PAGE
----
SBx2 12 essentially reiterates existing state law providing for voluntary transfer of inmates to federal or out-of-state facilities. The department dropped the idea of forcing inmate transfers.
The bills were drafted Monday night with promises of a joint Senate-Assembly hearing on this 4-bill package today -- though rumor is that the bills may be sent directly to the floor for a vote. Anyone who wants to influence the outcome will have to act fast.
Posted by dweintraub at 2:16 PM
Those of us on the Bee editorial board are disappointed we never get invited to the fundraisers lawmakers schedule while they are dealing with key legislation at the end of the session. In fact, we don't even know what we're missing.
So, lobbyists, help us out! Fax us or email us some of the invitations you have received recently -- and especially in the last couple of days. We’d like to experience the thrill, if only vicariously. Fax them to Stuart Leavenworth at (916) 321-1996 or firstname.lastname@example.org. Discretion is assured.
Posted by dweintraub at 11:55 AM
A package of bills to reform flood control in the Central Valley appears to be dead after a meeting orchestrated by Sen. Pro Tem Don Perata on Monday night.
The meeting was supposed to be a work session, where Assemblywoman Lois Wolk and others presented possible amendments to their legislation. But according to several in the room, Wolk barely got a chance to talk. State Sen. Mike Machado, D-Linden, lit into Wolk for not working with him and for pushing legislation, AB 1899, that would hurt Stockton, which is in his district.
Stockton is a center of a major building boom in the floodplain. Developers such as Art Spanos, Fritz Grupe and other have plans to build thousands of more houses behind levees. If Wolk’s bill had passed, Stockton and other cities would be required to demonstrate they have 100-year flood protection before any new building is approved.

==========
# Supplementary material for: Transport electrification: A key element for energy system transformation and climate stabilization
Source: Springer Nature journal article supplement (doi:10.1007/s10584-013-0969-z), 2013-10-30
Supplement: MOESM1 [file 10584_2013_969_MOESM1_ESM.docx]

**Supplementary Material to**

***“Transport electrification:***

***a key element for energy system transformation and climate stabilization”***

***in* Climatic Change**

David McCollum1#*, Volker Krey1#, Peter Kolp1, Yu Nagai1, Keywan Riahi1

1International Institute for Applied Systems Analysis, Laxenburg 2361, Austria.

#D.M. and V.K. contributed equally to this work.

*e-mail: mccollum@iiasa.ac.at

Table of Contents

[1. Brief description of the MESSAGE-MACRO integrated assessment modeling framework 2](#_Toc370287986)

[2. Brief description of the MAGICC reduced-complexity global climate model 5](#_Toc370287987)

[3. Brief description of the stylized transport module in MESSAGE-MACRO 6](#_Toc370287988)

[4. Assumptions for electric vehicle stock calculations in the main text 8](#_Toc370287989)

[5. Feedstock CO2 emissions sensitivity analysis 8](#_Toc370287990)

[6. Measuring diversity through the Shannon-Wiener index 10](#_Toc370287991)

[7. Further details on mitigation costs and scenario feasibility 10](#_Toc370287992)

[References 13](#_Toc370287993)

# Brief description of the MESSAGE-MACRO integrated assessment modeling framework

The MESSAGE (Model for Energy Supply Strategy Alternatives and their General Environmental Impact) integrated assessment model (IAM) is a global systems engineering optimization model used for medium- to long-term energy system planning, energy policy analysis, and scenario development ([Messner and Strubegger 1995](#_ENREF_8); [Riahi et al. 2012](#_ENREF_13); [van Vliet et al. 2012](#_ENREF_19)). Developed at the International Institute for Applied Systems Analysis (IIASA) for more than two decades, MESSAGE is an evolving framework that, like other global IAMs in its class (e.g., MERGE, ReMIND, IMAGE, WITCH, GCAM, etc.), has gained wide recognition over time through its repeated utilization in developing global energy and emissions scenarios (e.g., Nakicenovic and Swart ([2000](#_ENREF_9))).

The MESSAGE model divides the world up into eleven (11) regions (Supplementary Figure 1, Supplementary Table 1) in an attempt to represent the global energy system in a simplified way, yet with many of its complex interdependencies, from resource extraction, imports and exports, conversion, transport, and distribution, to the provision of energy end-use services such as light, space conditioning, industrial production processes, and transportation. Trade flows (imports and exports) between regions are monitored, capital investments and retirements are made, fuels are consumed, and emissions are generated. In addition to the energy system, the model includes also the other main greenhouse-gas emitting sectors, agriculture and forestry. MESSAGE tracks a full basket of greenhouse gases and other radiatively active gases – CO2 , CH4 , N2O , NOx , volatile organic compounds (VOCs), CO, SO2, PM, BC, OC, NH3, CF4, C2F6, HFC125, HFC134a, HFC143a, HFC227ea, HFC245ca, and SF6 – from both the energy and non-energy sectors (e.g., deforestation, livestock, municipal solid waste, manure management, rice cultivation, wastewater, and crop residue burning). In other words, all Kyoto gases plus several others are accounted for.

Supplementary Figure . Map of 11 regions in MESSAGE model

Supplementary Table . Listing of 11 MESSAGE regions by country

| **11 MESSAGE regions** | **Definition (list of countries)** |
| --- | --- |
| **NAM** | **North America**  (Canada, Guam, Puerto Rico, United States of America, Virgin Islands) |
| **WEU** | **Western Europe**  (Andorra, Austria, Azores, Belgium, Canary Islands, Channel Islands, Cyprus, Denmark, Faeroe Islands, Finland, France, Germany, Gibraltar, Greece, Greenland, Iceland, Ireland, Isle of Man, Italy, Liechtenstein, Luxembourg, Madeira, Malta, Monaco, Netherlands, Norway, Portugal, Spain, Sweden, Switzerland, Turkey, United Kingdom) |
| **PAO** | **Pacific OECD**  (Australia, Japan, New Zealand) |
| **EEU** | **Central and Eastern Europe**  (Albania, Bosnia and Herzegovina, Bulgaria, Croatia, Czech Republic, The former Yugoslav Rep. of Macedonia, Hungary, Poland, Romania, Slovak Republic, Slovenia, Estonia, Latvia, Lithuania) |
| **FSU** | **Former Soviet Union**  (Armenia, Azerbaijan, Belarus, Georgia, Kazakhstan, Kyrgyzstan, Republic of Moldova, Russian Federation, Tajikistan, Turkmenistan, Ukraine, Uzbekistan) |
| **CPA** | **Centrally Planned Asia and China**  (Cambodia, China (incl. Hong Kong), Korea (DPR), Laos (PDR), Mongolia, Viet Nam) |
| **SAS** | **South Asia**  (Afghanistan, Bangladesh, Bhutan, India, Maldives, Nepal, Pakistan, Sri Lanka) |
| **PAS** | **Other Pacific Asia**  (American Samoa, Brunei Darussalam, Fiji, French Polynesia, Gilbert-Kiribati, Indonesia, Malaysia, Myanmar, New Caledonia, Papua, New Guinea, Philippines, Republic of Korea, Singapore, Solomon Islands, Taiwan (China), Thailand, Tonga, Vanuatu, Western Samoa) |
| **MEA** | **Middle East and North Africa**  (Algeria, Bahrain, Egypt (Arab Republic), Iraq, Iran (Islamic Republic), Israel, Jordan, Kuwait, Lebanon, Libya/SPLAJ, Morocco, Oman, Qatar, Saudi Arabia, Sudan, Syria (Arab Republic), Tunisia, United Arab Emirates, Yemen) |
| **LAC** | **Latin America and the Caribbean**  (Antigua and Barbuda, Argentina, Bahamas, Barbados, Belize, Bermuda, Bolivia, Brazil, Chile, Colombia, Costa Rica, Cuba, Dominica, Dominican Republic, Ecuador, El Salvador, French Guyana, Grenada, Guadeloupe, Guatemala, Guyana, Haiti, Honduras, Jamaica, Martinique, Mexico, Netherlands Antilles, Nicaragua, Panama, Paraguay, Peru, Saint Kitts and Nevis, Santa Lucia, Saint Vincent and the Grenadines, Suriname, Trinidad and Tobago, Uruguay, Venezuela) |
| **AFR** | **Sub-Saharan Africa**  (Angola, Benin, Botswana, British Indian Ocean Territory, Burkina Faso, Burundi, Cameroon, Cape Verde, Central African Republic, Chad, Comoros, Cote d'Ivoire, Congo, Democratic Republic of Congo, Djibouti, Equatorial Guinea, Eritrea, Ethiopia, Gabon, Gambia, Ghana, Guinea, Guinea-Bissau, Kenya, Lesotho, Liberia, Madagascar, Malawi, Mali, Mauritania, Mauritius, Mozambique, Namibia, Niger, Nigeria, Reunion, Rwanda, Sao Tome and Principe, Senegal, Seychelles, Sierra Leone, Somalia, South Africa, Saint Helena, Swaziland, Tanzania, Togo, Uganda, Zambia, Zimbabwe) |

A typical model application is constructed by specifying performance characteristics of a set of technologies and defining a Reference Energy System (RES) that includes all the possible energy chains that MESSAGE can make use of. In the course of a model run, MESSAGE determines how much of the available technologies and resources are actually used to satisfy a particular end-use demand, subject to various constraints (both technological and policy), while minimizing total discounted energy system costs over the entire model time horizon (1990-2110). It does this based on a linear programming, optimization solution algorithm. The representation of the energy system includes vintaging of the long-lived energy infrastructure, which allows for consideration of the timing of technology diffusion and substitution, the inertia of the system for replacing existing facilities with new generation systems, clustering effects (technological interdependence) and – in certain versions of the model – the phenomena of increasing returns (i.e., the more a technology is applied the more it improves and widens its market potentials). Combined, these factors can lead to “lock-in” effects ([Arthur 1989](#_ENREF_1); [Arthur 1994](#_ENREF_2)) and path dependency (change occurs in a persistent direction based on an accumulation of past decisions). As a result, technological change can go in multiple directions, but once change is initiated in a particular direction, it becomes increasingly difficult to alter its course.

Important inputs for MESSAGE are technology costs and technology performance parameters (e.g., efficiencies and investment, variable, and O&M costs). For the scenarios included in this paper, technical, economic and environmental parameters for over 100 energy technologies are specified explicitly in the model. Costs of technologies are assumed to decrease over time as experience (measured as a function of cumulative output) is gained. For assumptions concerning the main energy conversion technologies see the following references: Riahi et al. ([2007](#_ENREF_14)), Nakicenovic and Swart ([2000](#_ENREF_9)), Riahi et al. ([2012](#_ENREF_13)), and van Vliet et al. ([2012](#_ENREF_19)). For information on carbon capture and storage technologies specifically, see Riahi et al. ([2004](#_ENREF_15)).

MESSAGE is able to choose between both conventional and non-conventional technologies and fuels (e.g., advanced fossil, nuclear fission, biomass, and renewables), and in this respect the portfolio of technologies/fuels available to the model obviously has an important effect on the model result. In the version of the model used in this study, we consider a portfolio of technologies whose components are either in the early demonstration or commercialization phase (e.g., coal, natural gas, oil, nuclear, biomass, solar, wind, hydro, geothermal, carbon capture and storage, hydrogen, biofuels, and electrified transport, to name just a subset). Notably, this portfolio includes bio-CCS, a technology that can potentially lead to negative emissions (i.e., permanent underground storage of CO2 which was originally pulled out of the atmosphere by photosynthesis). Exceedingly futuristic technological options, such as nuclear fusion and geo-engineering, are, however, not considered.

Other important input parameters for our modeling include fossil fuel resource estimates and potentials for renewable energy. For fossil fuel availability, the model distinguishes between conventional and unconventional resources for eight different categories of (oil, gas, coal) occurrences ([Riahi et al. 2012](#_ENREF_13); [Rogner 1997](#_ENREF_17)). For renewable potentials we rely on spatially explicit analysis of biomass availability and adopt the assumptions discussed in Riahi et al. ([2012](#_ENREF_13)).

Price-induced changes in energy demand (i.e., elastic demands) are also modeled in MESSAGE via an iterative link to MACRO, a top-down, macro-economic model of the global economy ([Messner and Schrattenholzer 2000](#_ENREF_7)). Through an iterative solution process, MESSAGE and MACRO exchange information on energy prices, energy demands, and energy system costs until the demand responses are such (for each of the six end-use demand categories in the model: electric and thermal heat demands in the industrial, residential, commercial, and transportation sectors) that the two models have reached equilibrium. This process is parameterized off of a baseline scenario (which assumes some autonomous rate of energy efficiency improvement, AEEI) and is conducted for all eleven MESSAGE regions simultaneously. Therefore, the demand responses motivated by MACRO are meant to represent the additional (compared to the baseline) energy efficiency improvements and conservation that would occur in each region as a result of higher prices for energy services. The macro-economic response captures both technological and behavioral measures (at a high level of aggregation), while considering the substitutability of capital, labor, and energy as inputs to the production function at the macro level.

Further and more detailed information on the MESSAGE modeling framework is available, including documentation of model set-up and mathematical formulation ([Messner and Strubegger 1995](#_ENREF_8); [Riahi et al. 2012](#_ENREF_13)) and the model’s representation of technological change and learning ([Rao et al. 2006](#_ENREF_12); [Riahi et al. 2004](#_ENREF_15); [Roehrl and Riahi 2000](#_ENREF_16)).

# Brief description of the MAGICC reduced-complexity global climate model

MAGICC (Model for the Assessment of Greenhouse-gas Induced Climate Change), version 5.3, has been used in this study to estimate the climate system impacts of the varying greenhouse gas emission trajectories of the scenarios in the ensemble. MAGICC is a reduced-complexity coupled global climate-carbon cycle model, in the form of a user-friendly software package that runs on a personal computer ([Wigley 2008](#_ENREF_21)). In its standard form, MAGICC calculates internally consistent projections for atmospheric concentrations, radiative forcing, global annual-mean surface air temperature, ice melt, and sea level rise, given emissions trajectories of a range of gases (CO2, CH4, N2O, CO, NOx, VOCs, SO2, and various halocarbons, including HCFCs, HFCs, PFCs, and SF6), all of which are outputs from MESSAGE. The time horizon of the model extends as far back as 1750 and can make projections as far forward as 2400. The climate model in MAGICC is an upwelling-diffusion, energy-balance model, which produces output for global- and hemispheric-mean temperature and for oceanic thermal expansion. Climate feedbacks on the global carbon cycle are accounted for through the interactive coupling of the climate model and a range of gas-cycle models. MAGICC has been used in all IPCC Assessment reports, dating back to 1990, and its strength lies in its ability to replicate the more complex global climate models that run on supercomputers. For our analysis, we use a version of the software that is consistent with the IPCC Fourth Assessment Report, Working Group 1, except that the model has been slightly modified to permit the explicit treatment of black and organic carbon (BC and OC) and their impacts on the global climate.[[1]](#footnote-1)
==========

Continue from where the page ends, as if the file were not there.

Wolk’s staff denies that Machado was left out of the loop. They say he kept “raising the goal post” with issues to be resolved. Wolk has provided this blog with a list of 20 concessions made to the bill as it moved through committees.
Many in the Capitol assume Perata was influenced by a $500,000 contribution that one of his bond committees received from the California Building Industry Association, a major opponent of AB 1899. Perata denies this, but is offering some pretty bogus reasons for bottling up the bill. First he said Gov. Schwarzenegger was trying to "gut" it, and didn't want it vetoed. Then he said there wasn't time to handle such complex legislation, even as he was pushing through major changes in worker's comp and health care that the governor is likely to veto. Then he accused the Assembly of "incompetance" in handling AB 1899, suggesting he didn't really want to save it from a veto, but kill it altogether.
Perata is scheduled to make an announcement on the flood bills later this afternoon. He could either bottle up at least six bills or let a few out, such as one by Sen. Dean Florez to reform the state Reclamation Board.
If all or most of these die, it will be a truly amazing development. Polls show deep concern about flooding in the Central Valley. Yet even at the one-year anniversary of Katrina, the Legislature is prepared to do almost nothing about the problem. Wow.
-- Stuart Leavenworth
Posted by dweintraub at 11:43 AM
Stuart Leavenworth here. Along with colleagues on the editorial board, I’ll be contributing to the Insider this week while Dan Weintraub is off at Burning Man. That’s right, our wonkish economist is heading toward that week-long desert festival where everything is bartered, artwork is torched and some folks wander about clothed only in dust.
The best part – Weintraub is attending with his son. How’s that for family values?
Speaking of burning, the governor’s team and Democratic lawmakers are still at an impasse over a bill that is getting national and international attention – Assembly Bill 32.